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Dredging Industry Copes With the Hurricanes

On Friday, August 27, the owners of Dredging Supply Company were at their fishing camp at Shell Beach, on Bayou Yscloskey off the Mississippi River Gulf Outlet.

Employees were going to join them the next day for their annual fantasy football draft, along with some fishing.
Despite warnings that the hurricane was headed toward Louisiana, some people spent the night and went fishing on Saturday morning. However, television reports alerted them that Hurricane Katrina was indeed on its way, and people began evacuating.

"(We) got the boats out of the water and started packing up what we could take with us," said Robert Wetta, company vice president.

He and his brother Billy (company president) rented RV's and took their families to a KOA campground near Lafayette, Louisiana on Saturday night.

"In the tracking maps that I have seen, it appears the eye passed almost directly over Shell Beach. I guess that's why we have nothing there to remember," said Robert Wetta. The camp is elevated about eight feet above sea level, and got one foot of water from Hurricane Georges in 1998. They expected about four feet of water in the camp from Katrina.

"But we would never have thought that it would just all wash away," said Wetta. From reports … the camp was more than likely completely submerged. That means the water came up over 20 feet. The camp is located just off Lake Borgne, so with the 20-foot water rise, this would move Lake Borgne on top of the camp," said Wetta.

An aerial photo of the area taken after the storm shows no buildings remaining - only concrete slabs and pilings where the docks had been.

On September 1, Larry Patella, executive director of the Western Dredging Association, put out a call on the group's email list for people in that area to email in. A number of people in Louisiana and Mississippi responded.
Dierdre McGowan, director of the Inland Rivers Ports and Terminals Association (IRPT) reported that she was fine, but her house in Bay St. Louis, Mississippi was gone. Others who wrote had family members whose houses were flooded, but all who responded were grateful to have escaped with their lives.

On September 11, Ancil Taylor, vice president of Bean Dredging, reported that all in the company were fine, and that their downtown New Orleans headquarters had been split into several branch offices.

"All our projects are running and we are assisting the Corps in their monumental effort of getting the Gulf Coast under control," said Taylor.

The Mobile Register reported that Bean Stuyvesant had about three miles of beach to go in the 16-mile Baldwin Beach renourishment project when Katrina hit. Officials estimated that about 15 to 30 percent of that sand was washed or blown away by Katrina and the tidal surge it created.

On September 6, Robert Wetta posted a message saying that the DSC facility in Reserve, about 30 miles west of New Orleans, was unharmed, and that the company was up and running.

"We are inundated with people applying for jobs and we are gearing up to increase our workforce in order to meet the demands for our products and services as well as offering relief to the people that have been devastated," said Wetta. DSC provided landing places for FEMA helicopters to use as re-fueling stations, he said.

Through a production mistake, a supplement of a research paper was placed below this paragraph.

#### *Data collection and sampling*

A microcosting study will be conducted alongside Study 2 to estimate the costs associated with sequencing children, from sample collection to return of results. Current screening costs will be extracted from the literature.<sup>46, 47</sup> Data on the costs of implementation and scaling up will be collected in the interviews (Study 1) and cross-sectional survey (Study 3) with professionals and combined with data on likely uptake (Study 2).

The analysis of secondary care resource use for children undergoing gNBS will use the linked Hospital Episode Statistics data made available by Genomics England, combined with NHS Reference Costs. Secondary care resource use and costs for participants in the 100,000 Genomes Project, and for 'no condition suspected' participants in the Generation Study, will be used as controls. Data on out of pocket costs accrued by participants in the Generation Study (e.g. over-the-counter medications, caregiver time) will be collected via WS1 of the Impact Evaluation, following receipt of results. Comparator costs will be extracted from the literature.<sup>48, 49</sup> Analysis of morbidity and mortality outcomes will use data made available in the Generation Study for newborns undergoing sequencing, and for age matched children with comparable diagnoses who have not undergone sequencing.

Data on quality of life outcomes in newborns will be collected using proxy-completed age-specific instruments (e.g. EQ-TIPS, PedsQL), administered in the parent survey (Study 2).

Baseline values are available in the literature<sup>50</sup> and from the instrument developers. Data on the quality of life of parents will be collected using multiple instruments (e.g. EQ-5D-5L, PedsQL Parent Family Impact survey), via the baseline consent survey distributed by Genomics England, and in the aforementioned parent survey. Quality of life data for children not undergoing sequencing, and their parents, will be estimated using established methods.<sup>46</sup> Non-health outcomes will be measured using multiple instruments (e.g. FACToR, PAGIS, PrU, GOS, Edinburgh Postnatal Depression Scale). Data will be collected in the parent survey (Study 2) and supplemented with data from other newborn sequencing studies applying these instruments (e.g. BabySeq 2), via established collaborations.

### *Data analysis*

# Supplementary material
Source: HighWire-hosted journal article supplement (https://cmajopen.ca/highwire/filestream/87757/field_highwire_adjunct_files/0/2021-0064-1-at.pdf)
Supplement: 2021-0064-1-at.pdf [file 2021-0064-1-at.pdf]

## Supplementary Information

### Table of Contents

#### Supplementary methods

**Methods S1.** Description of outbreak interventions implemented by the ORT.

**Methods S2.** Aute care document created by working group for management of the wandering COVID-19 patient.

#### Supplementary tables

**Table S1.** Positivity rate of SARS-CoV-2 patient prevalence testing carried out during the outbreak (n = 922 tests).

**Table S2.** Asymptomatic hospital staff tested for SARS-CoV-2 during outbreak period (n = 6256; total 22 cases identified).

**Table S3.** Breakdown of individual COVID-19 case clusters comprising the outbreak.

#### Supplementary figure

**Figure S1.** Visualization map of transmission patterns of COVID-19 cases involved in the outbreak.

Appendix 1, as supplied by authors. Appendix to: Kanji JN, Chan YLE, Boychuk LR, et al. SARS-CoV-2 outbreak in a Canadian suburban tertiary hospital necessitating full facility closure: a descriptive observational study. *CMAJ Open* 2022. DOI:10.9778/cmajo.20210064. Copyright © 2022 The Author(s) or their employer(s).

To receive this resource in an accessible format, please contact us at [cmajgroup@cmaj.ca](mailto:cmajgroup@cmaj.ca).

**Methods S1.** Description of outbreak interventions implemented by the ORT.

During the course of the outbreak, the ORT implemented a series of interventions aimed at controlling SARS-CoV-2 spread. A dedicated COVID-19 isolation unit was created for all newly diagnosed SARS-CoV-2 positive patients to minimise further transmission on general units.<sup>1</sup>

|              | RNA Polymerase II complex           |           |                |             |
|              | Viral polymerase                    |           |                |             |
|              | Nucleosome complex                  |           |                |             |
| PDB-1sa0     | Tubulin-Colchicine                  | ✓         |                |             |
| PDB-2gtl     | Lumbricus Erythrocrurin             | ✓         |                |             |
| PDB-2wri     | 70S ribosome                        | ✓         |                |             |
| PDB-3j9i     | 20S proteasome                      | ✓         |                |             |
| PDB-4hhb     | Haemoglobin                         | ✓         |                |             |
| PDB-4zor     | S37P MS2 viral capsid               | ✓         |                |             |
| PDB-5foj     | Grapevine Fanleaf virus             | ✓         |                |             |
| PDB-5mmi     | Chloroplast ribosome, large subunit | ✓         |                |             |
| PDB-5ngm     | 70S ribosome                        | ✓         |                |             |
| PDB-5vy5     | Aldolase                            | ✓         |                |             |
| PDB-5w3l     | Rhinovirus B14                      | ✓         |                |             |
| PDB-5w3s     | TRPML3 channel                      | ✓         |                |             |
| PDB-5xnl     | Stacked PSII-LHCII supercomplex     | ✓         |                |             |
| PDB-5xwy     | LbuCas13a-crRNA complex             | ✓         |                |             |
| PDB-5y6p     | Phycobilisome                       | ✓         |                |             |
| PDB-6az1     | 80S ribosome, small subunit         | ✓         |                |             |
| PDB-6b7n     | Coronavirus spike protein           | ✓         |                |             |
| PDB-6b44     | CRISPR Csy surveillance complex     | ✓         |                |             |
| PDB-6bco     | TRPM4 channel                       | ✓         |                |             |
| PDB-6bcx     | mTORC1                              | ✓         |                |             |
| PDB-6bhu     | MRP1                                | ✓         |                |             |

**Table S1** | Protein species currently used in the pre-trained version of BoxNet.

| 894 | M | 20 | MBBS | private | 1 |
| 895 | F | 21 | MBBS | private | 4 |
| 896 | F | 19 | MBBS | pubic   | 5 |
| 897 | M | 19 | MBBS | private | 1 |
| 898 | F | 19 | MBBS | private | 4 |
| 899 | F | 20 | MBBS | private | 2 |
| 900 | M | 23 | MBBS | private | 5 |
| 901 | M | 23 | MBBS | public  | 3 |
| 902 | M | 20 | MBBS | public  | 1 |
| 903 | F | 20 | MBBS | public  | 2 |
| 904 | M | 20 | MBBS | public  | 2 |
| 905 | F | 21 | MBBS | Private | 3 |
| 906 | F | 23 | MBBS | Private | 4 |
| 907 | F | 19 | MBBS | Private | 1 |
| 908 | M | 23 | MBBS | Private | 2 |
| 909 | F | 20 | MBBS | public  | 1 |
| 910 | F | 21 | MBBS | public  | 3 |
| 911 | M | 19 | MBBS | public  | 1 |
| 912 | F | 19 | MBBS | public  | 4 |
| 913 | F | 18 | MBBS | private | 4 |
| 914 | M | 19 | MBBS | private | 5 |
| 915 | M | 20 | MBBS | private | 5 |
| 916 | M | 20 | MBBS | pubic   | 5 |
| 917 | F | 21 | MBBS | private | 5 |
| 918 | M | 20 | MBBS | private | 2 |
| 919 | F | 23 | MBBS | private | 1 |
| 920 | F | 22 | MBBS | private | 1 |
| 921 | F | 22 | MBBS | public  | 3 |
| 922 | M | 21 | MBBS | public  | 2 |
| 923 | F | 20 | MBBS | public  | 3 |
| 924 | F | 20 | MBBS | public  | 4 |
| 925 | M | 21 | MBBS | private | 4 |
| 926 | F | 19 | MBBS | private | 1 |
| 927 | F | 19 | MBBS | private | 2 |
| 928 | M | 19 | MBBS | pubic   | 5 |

C&C Technologies in Lafayette posted an interactive map on their website to help the evacuated population of New Orleans determine the approximate water depth at any location around the city. The water depths were updated as NOAA, Digital Global and ground truthing statistics were made available. Jeff Fortenberry of C&C reported on September 23: "We are up to 17 million hits and over 325,000 unique vistors. We have received thousands of emails from users showing their appreciation of the service."

Carmanah Industries diverted all of its inventory and production to the hurricane region, after receiving orders for 500 of its 700 Series marine navigation LED lights. By September 13 they had delivered them to the U.S. Coast Guard in Mobile, Alabama, for distribution to affected areas of Louisiana, Mississippi and Alabama. There was relatively little shoaling in the navigation channels of the Mississippi River, the Port of New Orleans and other ports on the Gulf Coast. Navigation was obstructed by the lack of navigation aids, and Carmanah was helping with this effort.

Dianne Allen, who works in contracting at the New Orleans District, Corps of Engineers, had evacuated to Vicksburg and was called in to work there, one of two people managing emergency contracts during this time.

On September 8, she sent the amendment announcing the bid opening of a previously-advertised emergency dredging contract for Southwest Pass, establishing the bid opening date of September 9, to contractors who had registered. Bean Stuyvesant LLC was low bidder at $2,652,600, and the contract was awarded the same day. The dredge Stuyvesant went to work in the Southwest Pass soon after that.

On September 26, Odom Hydrographic Systems finished up a side-scan survey of the Port Arthur, Texas channel in their survey boat Echotrac. They found no shoaling as a result of Hurricane Rita, which had come through the area on September 24. At press time, the damage from Hurricane Rita was still being assessed by local officials.

A second emergency ID/IQ contract, for cutterhead dredging in the New Orleans, Galveston, Mobile, and Vicksburg Districts, was issued on September 27, with a closing date of September 30. Six $200,000 contracts were awarded through this solicitation on October 5.

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